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Treatment of Pediatric Intracranial Arteriovenous Malformations with Linear-Accelerator-Based Stereotactic Radiosurgery: The University of Pennsylvania Experience

Maity A.a · Shu H.-K.G.a · Tan J.E.b · Ruffer J.c · Sutton L.N.d · Tochner Z.a · Lustig R.a
aDepartment of Radiation Oncology, Hospital of the University of Pennsylvania, Philadelphia, Pa., bDepartment of Radiation Oncology, Albany Medical Center, Albany, N.Y., cGood Shepherd Radiation Oncology Center, Barrington, Ill., and dDepartment of Neurosurgery, Children’s Hospital of Philadelphia, Philadelphia, Pa., USA Pediatr Neurosurg 2004;40:207–214 (DOI:10.1159/000082293)

Abstract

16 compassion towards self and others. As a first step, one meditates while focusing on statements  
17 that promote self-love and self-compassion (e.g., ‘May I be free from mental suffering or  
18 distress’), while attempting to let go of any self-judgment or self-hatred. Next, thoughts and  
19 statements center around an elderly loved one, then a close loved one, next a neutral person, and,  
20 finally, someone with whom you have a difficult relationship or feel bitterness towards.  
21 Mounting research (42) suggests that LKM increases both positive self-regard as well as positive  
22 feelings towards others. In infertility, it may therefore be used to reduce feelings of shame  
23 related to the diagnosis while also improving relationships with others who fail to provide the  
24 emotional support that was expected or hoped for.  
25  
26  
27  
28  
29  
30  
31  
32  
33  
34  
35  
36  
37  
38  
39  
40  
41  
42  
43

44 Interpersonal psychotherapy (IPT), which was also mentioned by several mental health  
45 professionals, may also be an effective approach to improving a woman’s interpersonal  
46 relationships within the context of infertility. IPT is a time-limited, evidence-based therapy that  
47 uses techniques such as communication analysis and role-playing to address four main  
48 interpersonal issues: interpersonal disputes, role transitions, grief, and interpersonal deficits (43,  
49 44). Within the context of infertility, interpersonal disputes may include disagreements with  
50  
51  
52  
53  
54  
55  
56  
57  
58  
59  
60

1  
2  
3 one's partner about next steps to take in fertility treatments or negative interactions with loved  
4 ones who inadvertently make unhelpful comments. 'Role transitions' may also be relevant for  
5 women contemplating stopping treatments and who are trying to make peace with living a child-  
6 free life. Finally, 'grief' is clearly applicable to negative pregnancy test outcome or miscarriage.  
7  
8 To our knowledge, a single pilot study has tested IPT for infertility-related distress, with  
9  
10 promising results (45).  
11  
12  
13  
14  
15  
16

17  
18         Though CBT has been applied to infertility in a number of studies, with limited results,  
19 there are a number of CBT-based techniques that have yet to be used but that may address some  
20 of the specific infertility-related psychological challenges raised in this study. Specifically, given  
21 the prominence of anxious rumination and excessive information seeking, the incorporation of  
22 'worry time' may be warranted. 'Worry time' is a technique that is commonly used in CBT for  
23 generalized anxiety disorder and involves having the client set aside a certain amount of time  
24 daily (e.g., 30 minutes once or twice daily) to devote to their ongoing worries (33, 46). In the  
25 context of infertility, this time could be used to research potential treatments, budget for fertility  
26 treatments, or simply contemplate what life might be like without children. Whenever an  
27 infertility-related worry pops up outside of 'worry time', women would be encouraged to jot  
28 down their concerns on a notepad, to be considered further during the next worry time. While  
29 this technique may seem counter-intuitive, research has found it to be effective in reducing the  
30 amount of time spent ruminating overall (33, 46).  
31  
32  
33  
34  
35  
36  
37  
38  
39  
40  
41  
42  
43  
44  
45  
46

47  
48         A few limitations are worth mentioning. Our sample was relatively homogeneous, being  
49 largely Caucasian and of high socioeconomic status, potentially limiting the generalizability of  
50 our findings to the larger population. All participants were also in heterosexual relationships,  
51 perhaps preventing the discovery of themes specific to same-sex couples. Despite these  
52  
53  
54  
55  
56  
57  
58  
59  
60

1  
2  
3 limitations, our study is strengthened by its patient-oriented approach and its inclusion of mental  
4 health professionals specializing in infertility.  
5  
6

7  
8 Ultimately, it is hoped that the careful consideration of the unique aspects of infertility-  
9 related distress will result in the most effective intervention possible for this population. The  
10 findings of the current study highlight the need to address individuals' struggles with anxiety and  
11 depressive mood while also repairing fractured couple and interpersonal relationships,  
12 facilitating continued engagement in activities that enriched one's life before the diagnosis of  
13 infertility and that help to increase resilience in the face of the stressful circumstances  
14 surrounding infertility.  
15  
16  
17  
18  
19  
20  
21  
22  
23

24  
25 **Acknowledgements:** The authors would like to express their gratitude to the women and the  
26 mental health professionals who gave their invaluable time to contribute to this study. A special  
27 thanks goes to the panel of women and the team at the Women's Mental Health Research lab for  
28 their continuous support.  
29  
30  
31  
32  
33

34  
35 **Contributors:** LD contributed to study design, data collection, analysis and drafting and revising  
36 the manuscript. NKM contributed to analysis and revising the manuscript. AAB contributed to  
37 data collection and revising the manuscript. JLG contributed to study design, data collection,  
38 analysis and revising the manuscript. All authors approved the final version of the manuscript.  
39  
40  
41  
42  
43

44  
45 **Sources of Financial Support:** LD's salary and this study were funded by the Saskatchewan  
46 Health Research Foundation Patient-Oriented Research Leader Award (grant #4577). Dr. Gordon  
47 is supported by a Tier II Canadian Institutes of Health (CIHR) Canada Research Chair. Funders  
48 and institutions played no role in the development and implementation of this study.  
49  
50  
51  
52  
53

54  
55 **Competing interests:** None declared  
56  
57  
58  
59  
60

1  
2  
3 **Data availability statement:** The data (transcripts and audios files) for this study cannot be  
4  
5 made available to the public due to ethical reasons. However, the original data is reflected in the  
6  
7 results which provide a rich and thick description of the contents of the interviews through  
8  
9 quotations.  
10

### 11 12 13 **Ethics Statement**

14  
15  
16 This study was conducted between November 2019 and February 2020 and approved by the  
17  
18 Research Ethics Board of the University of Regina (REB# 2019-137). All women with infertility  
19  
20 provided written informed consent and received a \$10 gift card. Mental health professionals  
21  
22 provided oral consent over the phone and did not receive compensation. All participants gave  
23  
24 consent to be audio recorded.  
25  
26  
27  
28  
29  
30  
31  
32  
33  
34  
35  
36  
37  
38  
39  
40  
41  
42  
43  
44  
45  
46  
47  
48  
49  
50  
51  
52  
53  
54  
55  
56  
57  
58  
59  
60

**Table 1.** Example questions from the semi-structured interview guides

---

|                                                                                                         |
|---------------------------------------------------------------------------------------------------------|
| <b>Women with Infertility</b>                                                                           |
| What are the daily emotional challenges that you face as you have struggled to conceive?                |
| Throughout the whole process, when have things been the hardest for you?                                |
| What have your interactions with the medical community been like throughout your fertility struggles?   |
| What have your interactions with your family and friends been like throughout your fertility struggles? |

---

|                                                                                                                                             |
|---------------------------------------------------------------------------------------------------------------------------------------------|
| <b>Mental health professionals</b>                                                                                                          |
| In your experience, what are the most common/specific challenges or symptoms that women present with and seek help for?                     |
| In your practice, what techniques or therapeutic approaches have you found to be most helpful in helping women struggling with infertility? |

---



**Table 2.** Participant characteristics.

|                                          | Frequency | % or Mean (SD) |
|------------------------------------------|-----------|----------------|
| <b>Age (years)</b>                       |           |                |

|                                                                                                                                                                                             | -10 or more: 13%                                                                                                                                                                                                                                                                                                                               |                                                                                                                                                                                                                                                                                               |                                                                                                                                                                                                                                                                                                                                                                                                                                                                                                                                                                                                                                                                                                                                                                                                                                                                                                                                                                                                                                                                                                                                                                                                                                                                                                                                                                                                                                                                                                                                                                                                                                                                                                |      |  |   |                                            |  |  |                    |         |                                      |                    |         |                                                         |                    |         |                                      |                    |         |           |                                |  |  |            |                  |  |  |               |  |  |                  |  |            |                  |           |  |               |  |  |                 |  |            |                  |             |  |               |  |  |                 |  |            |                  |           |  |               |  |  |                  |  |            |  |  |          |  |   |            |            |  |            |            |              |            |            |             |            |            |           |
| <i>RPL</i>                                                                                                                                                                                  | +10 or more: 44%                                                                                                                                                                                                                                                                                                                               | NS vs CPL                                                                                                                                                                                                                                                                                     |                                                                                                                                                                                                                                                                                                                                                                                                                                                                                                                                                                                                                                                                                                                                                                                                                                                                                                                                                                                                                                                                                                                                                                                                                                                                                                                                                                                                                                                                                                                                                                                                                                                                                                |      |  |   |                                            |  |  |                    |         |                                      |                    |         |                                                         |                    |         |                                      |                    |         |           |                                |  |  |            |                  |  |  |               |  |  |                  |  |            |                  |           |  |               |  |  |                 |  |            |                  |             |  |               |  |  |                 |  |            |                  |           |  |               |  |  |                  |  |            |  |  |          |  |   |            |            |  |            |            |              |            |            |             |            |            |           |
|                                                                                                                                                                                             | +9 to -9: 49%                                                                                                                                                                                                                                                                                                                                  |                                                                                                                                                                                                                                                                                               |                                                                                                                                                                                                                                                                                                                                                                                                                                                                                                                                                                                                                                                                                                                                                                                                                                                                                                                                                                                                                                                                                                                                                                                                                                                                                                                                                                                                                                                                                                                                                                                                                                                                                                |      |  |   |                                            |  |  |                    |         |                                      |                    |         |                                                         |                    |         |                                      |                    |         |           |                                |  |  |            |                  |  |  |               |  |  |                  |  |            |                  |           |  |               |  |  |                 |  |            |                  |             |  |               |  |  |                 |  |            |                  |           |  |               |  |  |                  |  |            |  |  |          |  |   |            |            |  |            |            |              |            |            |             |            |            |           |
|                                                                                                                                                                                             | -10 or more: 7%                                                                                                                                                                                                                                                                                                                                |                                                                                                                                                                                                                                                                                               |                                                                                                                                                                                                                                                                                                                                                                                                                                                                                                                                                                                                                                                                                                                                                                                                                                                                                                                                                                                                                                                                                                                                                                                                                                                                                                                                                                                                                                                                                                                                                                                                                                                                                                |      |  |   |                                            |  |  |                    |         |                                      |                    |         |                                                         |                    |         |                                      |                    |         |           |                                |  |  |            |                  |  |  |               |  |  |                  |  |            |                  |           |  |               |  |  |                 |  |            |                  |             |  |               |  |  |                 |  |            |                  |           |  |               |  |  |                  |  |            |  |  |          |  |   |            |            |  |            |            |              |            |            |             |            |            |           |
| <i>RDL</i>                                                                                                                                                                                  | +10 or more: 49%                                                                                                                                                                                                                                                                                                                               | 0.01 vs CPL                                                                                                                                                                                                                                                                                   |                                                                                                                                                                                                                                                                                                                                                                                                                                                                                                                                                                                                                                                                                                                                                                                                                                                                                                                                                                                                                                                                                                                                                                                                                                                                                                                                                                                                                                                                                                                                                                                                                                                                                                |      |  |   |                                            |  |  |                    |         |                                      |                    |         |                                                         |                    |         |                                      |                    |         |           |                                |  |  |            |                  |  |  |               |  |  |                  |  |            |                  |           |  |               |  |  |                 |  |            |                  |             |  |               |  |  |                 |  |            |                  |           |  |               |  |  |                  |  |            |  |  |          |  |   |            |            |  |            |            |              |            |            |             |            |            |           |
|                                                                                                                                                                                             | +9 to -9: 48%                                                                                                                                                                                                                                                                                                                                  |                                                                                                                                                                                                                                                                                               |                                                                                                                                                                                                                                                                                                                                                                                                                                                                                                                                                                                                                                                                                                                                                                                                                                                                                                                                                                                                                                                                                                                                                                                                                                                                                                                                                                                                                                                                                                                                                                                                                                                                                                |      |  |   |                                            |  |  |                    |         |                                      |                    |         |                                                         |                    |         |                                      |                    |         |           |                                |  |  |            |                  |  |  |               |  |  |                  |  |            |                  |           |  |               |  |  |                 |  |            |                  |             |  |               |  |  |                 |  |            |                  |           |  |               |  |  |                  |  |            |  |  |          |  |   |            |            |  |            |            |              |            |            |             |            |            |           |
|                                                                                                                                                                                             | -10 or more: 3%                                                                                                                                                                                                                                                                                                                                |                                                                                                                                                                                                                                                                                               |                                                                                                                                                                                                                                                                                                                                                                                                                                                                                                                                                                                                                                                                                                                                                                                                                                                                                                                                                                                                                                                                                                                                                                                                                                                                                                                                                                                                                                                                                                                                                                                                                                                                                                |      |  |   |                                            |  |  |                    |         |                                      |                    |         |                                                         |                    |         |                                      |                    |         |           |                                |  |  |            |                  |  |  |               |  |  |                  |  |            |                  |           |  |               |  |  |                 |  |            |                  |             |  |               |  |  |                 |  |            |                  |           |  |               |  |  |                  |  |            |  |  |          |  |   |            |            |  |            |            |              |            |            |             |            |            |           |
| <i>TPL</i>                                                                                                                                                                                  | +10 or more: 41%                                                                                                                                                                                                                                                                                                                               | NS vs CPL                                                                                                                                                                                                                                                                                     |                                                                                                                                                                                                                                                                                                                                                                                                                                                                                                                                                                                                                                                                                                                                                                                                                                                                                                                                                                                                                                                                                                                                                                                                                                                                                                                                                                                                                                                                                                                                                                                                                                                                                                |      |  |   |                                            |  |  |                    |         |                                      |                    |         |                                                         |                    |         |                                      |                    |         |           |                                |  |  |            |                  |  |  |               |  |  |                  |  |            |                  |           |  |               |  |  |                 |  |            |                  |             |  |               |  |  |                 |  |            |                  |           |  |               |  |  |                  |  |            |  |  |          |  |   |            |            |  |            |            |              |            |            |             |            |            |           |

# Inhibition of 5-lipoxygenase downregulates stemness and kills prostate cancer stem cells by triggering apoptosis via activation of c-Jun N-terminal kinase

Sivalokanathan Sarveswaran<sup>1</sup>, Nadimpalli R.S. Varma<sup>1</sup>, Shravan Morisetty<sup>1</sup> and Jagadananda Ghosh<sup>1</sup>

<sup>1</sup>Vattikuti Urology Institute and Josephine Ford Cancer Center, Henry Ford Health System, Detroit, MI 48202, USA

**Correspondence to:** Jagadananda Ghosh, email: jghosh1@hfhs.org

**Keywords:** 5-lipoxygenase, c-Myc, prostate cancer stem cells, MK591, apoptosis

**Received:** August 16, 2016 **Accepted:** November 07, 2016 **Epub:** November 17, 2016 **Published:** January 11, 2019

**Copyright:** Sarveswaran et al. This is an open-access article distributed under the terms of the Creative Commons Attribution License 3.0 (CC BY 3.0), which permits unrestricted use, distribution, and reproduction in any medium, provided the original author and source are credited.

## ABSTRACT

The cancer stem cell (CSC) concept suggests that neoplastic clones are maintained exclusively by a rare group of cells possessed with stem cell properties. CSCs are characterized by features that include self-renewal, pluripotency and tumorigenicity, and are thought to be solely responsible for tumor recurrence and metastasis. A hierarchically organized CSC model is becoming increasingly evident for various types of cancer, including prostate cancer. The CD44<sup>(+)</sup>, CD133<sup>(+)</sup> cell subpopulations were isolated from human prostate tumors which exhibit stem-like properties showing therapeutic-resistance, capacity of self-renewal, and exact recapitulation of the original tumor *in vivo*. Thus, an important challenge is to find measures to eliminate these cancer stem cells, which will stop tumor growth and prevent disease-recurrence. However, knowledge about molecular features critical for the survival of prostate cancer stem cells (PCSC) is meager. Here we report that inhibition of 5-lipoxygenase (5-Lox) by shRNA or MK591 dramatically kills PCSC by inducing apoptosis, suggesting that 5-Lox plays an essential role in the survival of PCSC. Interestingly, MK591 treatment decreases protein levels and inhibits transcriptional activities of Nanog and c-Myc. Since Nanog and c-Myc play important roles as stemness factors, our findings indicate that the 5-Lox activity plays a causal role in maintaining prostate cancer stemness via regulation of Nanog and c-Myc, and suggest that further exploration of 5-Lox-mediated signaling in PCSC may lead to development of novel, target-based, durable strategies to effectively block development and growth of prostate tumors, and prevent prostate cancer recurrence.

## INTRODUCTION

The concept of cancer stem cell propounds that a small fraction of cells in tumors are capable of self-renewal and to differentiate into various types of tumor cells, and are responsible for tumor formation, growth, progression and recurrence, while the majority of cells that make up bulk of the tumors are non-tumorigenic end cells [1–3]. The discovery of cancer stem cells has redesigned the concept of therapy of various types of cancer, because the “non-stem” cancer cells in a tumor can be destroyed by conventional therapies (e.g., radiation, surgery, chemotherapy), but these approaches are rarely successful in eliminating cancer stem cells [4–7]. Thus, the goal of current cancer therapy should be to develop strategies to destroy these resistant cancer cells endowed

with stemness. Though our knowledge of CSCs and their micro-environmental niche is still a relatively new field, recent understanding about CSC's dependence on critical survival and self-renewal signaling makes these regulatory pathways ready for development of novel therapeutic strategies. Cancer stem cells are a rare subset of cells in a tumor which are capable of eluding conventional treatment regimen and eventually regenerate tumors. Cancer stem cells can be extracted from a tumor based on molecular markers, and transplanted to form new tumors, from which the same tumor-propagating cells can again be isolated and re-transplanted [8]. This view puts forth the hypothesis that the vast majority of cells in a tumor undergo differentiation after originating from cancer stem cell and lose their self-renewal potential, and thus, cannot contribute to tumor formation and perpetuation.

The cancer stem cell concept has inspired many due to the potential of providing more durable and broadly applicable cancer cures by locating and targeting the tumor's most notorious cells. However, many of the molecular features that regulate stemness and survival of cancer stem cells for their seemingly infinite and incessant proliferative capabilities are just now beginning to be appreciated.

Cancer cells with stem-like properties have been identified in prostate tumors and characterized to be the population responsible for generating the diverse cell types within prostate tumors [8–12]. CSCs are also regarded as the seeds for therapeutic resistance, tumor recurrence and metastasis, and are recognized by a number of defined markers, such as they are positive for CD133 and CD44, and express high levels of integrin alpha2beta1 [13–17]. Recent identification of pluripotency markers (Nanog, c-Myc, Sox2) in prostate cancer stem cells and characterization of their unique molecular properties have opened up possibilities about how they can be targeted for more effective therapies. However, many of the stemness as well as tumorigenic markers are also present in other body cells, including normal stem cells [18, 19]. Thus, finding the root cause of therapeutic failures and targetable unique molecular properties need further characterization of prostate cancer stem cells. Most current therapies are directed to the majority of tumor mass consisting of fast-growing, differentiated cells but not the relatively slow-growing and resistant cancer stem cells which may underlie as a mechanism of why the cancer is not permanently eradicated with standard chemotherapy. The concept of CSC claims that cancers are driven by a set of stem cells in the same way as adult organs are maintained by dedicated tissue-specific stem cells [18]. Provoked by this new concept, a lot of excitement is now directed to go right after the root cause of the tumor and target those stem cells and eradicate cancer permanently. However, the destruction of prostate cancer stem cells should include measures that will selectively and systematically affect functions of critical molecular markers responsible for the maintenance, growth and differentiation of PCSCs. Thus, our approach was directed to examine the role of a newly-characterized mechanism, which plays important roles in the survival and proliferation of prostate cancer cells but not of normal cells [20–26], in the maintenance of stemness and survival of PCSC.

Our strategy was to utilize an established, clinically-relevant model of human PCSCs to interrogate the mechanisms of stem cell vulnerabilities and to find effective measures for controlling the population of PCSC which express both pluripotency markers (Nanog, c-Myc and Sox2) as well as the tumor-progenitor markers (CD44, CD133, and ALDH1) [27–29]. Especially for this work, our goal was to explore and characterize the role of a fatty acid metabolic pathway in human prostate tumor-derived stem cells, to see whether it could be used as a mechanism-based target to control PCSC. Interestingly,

There are relatively few reports detailing the outcome of children and adolescents with arteriovenous malformations (AVMs) treated with stereotactic radiosurgery (SRS). We reviewed our experience over the past decade to determine whether the outcomes and toxicity were similar to those reported in adults. Seventeen patients 18 years of age or younger underwent linear-accelerator-based SRS. The targeted volume was greater than 3 cm3 in 65% of cases (range 0.7–25 cm3; median volume 6.9 cm3). The prescribed radiation doses varied from 16 to 18 Gy, with 70% receiving the highest dose. Using only angiographic data, the obliteration rate was 80% (8 of 10 patients), but using both MRA/MRI and angiographic data, it was 53% (9 of 17 patients). Four patients developed late effects potentially attributable to the radiation between 2 months and 3 years following SRS. One of these was transient and disappeared completely within a few days, but in the other 3 patients, the neurologic sequelae were permanent. Two of the 4 complications appeared to be due to radiation necrosis/edema, whereas the remaining 2 may have been due to vasculopathy. All 4 patients with complications had treatment volumes greater than 5 cm3 (5.4, 6.9, 11.1, 16.4 cm3), all had a prescribed dose of 18 Gy and all had initially presented with an AVM hemorrhage. Linear-accelerator-based SRS is effective in obliterating most AVMs in children; however, the potential for late effects exists, especially for those patients with larger target volumes.

 

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